How Investors Should Play the 'Hot' Economy

Mar 14, 2023

With economic data coming in stronger than expected, and inflation persisting despite Fed action, what should investors do now?

Lisa Shalett

Key Takeaways

  • A resilient economy may be impeding the Fed’s progress in taming inflation.
  • U.S. consumers and corporations appear less sensitive to interest rates than historically, blunting the effect of Fed tightening.
  • Relatively easy financial conditions and tight labor markets are also making it harder to cool prices.
  • In this environment, investors should continue seeking out yield- and income-generating assets.

Almost a year ago, the Federal Reserve kicked off what would become its fastest interest rate-hiking campaign since the 1980s in a bid to cool an overheating U.S. economy and tame decades-high inflation.


Despite the Fed’s aggressive monetary tightening, the economy today remains resilient. The U.S. growth forecast for the first quarter of 2023 is 2.65% and unemployment is near 50-year lows. This is keeping price pressures high. Headline inflation, while down from a June 2022 peak, was still 6.4% in January—more than triple the Fed’s 2% target.


With the economy still chugging along despite recent troubles in the banking sector, the Fed may have little choice but to eventually push rates higher than anticipated and keep them elevated for longer, increasing the odds of a recession down the road. This raises an important question: Why are the Fed’s tools not working as planned?


Morgan Stanley’s Global Investment Committee sees the central bank’s progress being impeded by three obstacles over which it has little control: 

  1. 1
    Financial conditions remain relatively easy

    Massive monetary and fiscal stimulus early in the pandemic fueled a rapid increase in liquidity. Year-over-year growth in M2 (the broadest measure of money supply, including currency and coins held outside of banks, checkable deposits, travelers’ checks, savings deposits, “small-time” deposits under $100,000 and shares in retail money-market mutual funds) soared to over 25% in 2021, almost 3.5 times the 60-year average. This excess liquidity has helped support consumption and created accommodative financial conditions, even after 4.75 percentage points of Fed tightening in 2022. 

  2. 2
    U.S. consumers and corporations appear less sensitive to interest rates than they have historically

    Negative inflation-adjusted rates over most of the last decade have allowed companies and households alike to shift from variable to fixed-rate financing and mortgage debt, with most rates locked in well below current Fed funds levels. This blunts the power of rate hikes to choke off spending and cool prices.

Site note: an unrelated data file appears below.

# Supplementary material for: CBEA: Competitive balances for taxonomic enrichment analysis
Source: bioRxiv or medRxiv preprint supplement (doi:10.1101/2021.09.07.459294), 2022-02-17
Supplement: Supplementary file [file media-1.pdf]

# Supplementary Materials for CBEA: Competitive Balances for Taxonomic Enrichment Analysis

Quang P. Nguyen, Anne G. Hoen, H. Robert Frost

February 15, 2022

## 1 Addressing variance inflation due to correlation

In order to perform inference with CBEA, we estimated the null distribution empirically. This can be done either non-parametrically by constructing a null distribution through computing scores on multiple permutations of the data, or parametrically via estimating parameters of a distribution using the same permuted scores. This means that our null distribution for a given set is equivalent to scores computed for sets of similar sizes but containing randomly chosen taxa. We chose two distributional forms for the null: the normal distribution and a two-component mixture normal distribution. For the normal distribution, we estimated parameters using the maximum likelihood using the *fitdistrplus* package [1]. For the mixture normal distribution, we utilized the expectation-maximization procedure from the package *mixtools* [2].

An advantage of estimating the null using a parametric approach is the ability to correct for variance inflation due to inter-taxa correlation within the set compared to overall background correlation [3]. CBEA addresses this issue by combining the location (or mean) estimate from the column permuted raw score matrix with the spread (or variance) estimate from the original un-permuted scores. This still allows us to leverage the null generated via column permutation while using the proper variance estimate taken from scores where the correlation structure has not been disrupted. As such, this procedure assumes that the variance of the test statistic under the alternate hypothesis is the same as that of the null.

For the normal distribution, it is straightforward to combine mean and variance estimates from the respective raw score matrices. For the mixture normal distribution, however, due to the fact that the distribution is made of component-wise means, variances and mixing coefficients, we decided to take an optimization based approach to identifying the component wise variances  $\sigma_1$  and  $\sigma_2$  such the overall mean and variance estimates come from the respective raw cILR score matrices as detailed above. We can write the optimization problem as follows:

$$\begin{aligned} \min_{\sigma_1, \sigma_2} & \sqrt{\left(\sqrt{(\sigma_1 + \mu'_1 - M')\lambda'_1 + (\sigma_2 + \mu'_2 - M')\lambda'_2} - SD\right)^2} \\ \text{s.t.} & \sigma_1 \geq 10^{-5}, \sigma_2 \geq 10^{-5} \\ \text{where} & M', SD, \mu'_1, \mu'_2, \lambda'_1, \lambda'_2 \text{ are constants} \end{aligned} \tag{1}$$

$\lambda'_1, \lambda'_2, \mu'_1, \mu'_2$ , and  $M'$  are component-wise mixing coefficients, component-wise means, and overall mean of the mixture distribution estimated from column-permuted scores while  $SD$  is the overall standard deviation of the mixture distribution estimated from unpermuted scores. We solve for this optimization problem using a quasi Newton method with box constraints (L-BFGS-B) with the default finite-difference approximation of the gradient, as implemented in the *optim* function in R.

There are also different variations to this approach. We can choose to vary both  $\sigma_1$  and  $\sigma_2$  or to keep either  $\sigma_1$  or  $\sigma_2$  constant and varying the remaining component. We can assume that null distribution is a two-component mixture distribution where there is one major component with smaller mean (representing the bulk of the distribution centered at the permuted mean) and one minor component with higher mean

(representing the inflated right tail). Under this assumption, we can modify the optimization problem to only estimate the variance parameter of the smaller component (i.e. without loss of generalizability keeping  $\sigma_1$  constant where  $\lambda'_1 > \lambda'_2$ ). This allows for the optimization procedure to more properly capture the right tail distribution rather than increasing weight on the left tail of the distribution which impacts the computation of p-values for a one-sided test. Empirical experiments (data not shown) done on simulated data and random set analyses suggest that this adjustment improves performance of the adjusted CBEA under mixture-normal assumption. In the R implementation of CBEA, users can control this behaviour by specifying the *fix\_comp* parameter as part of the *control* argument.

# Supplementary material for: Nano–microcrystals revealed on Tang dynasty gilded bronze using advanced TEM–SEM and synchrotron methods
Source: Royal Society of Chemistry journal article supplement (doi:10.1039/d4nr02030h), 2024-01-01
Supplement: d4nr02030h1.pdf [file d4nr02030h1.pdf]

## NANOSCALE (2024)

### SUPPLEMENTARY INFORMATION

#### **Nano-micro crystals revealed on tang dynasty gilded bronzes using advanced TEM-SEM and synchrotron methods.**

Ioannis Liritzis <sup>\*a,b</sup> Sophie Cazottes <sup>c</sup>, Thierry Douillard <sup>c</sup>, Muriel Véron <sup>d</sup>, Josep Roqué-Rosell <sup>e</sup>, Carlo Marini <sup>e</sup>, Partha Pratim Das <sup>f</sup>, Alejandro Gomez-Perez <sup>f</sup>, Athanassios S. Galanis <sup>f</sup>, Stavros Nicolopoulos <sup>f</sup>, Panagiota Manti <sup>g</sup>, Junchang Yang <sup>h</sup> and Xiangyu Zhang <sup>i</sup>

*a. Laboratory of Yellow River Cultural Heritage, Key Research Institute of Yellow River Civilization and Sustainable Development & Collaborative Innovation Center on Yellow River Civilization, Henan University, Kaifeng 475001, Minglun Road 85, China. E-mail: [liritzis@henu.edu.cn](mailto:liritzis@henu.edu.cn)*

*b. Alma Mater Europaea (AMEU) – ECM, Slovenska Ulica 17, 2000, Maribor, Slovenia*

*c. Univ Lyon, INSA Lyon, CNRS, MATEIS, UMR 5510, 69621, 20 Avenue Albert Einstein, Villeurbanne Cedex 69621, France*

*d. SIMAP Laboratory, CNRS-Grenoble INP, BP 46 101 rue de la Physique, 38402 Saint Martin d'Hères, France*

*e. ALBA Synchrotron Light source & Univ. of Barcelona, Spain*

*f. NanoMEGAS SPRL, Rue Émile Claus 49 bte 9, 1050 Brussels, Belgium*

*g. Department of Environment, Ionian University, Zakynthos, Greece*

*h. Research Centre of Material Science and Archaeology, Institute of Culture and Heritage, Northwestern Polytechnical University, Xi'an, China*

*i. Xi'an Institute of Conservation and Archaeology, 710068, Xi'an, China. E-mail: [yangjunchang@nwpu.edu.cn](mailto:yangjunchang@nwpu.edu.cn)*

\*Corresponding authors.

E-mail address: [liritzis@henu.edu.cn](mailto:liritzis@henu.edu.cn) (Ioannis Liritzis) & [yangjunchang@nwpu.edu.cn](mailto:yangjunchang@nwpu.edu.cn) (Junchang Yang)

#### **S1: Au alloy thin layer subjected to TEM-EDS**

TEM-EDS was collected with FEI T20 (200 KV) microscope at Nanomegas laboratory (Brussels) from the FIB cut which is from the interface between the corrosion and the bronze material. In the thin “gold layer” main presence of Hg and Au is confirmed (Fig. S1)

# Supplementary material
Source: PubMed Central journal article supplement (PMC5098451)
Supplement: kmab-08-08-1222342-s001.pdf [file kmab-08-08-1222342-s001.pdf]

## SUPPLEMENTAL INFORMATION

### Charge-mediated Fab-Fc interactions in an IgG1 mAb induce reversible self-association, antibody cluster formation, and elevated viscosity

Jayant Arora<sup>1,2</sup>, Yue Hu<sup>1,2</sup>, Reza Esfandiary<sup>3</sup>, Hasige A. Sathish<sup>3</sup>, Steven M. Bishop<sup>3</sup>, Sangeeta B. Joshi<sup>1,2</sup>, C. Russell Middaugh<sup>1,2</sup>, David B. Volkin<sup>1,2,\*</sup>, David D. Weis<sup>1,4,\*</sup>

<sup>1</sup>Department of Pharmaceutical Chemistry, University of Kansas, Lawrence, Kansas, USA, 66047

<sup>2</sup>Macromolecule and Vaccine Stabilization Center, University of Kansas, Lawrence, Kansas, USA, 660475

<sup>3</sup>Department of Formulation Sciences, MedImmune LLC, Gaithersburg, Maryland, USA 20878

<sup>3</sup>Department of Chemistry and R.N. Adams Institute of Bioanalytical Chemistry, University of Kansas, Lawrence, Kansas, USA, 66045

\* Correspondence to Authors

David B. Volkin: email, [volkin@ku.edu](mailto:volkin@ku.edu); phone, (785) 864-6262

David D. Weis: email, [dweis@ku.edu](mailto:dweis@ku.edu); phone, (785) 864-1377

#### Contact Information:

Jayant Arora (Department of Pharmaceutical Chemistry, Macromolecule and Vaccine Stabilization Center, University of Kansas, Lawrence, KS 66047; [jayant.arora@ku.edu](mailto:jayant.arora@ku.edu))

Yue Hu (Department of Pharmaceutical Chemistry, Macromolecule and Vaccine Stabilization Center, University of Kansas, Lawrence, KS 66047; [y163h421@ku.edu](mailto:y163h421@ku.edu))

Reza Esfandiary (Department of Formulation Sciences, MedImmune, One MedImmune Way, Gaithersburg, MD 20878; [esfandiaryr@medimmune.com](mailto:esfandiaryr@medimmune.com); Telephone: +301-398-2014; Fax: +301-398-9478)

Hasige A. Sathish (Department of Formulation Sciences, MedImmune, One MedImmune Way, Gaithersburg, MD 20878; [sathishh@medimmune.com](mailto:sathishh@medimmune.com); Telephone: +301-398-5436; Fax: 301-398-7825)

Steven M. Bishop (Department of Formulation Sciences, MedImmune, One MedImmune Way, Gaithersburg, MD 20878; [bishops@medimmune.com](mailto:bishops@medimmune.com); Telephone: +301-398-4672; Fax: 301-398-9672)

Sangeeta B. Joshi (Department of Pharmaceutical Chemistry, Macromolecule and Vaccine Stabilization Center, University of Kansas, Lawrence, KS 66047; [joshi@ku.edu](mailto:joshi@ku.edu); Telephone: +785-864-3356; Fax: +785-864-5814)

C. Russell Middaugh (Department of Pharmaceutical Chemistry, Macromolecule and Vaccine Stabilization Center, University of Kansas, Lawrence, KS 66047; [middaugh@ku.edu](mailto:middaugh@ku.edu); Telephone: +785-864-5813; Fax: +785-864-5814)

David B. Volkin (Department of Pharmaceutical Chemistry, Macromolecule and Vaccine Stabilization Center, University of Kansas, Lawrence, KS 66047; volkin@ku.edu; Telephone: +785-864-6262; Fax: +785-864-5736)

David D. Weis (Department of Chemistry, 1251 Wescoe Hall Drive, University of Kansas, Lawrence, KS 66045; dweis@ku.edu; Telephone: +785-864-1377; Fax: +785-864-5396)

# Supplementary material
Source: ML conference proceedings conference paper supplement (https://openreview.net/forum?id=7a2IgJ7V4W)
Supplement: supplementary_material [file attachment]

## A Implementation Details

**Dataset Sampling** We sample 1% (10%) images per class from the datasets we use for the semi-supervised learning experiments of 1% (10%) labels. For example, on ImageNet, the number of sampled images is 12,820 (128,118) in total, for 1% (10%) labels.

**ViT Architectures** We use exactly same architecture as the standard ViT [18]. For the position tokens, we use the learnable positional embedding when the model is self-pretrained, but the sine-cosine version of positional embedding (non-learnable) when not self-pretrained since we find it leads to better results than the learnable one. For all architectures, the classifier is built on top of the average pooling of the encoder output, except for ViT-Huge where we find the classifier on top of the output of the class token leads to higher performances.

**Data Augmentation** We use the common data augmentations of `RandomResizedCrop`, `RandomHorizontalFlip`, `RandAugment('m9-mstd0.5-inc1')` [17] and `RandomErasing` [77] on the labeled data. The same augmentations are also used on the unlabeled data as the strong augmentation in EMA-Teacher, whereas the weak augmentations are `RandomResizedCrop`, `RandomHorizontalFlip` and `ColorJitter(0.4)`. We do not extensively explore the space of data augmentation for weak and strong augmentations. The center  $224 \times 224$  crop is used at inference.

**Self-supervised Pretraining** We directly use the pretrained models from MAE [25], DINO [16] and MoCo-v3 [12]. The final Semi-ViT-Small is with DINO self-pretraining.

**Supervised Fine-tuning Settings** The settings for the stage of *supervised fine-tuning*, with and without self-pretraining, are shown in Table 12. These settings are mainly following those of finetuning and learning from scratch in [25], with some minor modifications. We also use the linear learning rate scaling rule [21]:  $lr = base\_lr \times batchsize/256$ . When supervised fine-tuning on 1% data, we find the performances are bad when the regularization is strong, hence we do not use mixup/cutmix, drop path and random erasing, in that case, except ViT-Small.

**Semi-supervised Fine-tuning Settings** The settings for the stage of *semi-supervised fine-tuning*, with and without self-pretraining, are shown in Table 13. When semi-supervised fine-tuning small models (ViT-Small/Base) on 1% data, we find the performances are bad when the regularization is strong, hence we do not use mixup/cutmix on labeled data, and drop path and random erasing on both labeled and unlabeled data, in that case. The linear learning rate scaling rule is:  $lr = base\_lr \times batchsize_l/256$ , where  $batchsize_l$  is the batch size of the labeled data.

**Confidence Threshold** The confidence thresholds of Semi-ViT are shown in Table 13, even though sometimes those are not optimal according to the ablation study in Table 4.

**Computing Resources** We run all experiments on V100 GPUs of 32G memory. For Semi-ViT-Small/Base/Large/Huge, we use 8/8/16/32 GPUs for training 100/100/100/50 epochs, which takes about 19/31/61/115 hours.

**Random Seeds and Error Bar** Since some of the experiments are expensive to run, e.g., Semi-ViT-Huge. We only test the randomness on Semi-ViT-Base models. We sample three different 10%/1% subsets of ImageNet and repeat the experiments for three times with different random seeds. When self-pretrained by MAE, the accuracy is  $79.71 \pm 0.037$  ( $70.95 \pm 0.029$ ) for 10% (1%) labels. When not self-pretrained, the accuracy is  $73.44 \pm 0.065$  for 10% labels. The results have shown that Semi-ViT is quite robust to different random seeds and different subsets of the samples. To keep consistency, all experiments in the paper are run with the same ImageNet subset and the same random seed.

3. 3
    Labor markets remain structurally tight

    Job openings are still ample amid decades-low unemployment. And while corporate layoffs in tech and finance have made headlines, many companies appear to instead be “hoarding labor,” or holding onto employees as the economy slows, to avoid the expense of hiring new workers. This is all supporting further wage growth. The resulting inflationary pressure may offset any cooling from falling goods or commodities prices.

So, what can the Fed do about these challenges? Its tools are blunt and operate with delays, making the odds of miscalculation great from here. A recession would be painful, but so would the alternative: If the central bank backpedals from its 2% inflation target, it could carry even heavier costs down the road, with damaged Fed credibility driving both inflation and the cost of capital higher. To put it another way, the price of lower rates now may be higher ones in the future.


We believe financial conditions must tighten and the labor market must cool before the Fed can pause on monetary tightening. Investors should stay patient and maintain solid portfolio exposure to yields and income. We prefer cash, short-duration bonds and dividend growers among “growth at a reasonable price” stocks. Global dividend payors may add diversification.


This article is based on Lisa Shalett’s Global Investment Committee Weekly report from March 13, 2023, “The Fed’s Dilemma.” Ask your Morgan Stanley Financial Advisor for a copy. Listen to the audiocast based on this report.

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